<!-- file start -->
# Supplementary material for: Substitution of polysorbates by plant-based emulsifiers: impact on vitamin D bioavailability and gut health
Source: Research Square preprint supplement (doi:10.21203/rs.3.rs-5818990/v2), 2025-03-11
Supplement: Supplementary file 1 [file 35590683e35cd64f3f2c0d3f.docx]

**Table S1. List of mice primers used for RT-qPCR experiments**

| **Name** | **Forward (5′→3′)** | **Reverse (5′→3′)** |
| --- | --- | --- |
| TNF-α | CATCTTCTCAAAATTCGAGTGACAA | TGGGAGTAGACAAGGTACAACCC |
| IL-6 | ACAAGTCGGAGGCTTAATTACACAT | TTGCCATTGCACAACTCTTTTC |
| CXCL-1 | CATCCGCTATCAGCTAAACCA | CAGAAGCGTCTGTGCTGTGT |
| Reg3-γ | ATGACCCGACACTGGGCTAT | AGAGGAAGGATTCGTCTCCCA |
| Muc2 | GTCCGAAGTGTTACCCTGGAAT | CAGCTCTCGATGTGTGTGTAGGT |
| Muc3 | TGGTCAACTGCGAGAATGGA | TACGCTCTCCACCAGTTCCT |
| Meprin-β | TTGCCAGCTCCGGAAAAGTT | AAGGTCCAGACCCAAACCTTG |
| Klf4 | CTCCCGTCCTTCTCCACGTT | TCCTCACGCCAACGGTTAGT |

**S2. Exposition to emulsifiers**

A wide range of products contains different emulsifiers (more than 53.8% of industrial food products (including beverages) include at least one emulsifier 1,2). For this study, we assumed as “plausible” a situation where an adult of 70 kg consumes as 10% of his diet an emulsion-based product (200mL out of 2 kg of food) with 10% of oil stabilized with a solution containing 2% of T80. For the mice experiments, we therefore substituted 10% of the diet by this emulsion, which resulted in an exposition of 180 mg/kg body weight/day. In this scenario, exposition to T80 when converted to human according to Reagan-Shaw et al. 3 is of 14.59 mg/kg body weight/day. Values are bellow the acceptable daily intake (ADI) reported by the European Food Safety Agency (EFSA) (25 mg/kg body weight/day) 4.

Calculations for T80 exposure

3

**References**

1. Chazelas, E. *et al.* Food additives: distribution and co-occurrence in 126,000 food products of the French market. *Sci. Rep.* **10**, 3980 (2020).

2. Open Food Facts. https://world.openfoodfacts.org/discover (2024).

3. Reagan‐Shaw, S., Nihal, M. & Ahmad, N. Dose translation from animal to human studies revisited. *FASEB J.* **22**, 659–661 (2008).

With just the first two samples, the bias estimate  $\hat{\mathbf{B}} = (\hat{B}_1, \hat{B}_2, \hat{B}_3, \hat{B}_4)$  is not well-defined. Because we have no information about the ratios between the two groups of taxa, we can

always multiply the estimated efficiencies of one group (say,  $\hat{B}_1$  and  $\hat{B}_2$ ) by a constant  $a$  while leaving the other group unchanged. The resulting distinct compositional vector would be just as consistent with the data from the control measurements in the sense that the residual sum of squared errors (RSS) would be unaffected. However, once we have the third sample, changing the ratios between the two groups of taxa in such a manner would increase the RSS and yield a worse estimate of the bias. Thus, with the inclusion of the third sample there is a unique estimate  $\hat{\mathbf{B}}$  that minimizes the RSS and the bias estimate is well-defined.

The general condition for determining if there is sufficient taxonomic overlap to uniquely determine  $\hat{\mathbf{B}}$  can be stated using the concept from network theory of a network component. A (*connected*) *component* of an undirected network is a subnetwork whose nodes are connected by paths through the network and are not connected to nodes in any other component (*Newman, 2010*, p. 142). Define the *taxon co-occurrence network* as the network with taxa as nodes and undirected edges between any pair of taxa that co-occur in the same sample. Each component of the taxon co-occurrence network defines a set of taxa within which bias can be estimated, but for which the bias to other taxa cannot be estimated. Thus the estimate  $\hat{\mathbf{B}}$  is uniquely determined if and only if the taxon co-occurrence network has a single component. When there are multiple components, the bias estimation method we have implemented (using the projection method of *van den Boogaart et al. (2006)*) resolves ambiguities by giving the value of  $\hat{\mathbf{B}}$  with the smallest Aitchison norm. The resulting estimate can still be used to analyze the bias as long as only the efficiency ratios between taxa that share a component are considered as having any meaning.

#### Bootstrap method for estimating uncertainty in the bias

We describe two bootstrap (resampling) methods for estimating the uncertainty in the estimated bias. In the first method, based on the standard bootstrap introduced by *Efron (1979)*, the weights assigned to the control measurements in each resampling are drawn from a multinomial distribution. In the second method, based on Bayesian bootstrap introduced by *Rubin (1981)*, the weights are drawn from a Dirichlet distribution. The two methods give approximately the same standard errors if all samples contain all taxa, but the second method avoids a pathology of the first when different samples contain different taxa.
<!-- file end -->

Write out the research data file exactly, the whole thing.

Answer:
# Supplementary material for: Substitution of polysorbates by plant-based emulsifiers: impact on vitamin D bioavailability and gut health
Source: Research Square preprint supplement (doi:10.21203/rs.3.rs-5818990/v2), 2025-03-11
Supplement: Supplementary file 1 [file 35590683e35cd64f3f2c0d3f.docx]

**Table S1. List of mice primers used for RT-qPCR experiments**

| **Name** | **Forward (5′→3′)** | **Reverse (5′→3′)** |
| --- | --- | --- |
| TNF-α | CATCTTCTCAAAATTCGAGTGACAA | TGGGAGTAGACAAGGTACAACCC |
| IL-6 | ACAAGTCGGAGGCTTAATTACACAT | TTGCCATTGCACAACTCTTTTC |
| CXCL-1 | CATCCGCTATCAGCTAAACCA | CAGAAGCGTCTGTGCTGTGT |
| Reg3-γ | ATGACCCGACACTGGGCTAT | AGAGGAAGGATTCGTCTCCCA |
| Muc2 | GTCCGAAGTGTTACCCTGGAAT | CAGCTCTCGATGTGTGTGTAGGT |
| Muc3 | TGGTCAACTGCGAGAATGGA | TACGCTCTCCACCAGTTCCT |
| Meprin-β | TTGCCAGCTCCGGAAAAGTT | AAGGTCCAGACCCAAACCTTG |
| Klf4 | CTCCCGTCCTTCTCCACGTT | TCCTCACGCCAACGGTTAGT |

**S2. Exposition to emulsifiers**

A wide range of products contains different emulsifiers (more than 53.8% of industrial food products (including beverages) include at least one emulsifier 1,2). For this study, we assumed as “plausible” a situation where an adult of 70 kg consumes as 10% of his diet an emulsion-based product (200mL out of 2 kg of food) with 10% of oil stabilized with a solution containing 2% of T80. For the mice experiments, we therefore substituted 10% of the diet by this emulsion, which resulted in an exposition of 180 mg/kg body weight/day. In this scenario, exposition to T80 when converted to human according to Reagan-Shaw et al. 3 is of 14.59 mg/kg body weight/day. Values are bellow the acceptable daily intake (ADI) reported by the European Food Safety Agency (EFSA) (25 mg/kg body weight/day) 4.

Calculations for T80 exposure

3

**References**

1. Chazelas, E. *et al.* Food additives: distribution and co-occurrence in 126,000 food products of the French market. *Sci. Rep.* **10**, 3980 (2020).

2. Open Food Facts. https://world.openfoodfacts.org/discover (2024).

3. Reagan‐Shaw, S., Nihal, M. & Ahmad, N. Dose translation from animal to human studies revisited. *FASEB J.* **22**, 659–661 (2008).

With just the first two samples, the bias estimate  $\hat{\mathbf{B}} = (\hat{B}_1, \hat{B}_2, \hat{B}_3, \hat{B}_4)$  is not well-defined. Because we have no information about the ratios between the two groups of taxa, we can

always multiply the estimated efficiencies of one group (say,  $\hat{B}_1$  and  $\hat{B}_2$ ) by a constant  $a$  while leaving the other group unchanged. The resulting distinct compositional vector would be just as consistent with the data from the control measurements in the sense that the residual sum of squared errors (RSS) would be unaffected. However, once we have the third sample, changing the ratios between the two groups of taxa in such a manner would increase the RSS and yield a worse estimate of the bias. Thus, with the inclusion of the third sample there is a unique estimate  $\hat{\mathbf{B}}$  that minimizes the RSS and the bias estimate is well-defined.

The general condition for determining if there is sufficient taxonomic overlap to uniquely determine  $\hat{\mathbf{B}}$  can be stated using the concept from network theory of a network component. A (*connected*) *component* of an undirected network is a subnetwork whose nodes are connected by paths through the network and are not connected to nodes in any other component (*Newman, 2010*, p. 142). Define the *taxon co-occurrence network* as the network with taxa as nodes and undirected edges between any pair of taxa that co-occur in the same sample. Each component of the taxon co-occurrence network defines a set of taxa within which bias can be estimated, but for which the bias to other taxa cannot be estimated. Thus the estimate  $\hat{\mathbf{B}}$  is uniquely determined if and only if the taxon co-occurrence network has a single component. When there are multiple components, the bias estimation method we have implemented (using the projection method of *van den Boogaart et al. (2006)*) resolves ambiguities by giving the value of  $\hat{\mathbf{B}}$  with the smallest Aitchison norm. The resulting estimate can still be used to analyze the bias as long as only the efficiency ratios between taxa that share a component are considered as having any meaning.

#### Bootstrap method for estimating uncertainty in the bias

We describe two bootstrap (resampling) methods for estimating the uncertainty in the estimated bias. In the first method, based on the standard bootstrap introduced by *Efron (1979)*, the weights assigned to the control measurements in each resampling are drawn from a multinomial distribution. In the second method, based on Bayesian bootstrap introduced by *Rubin (1981)*, the weights are drawn from a Dirichlet distribution. The two methods give approximately the same standard errors if all samples contain all taxa, but the second method avoids a pathology of the first when different samples contain different taxa.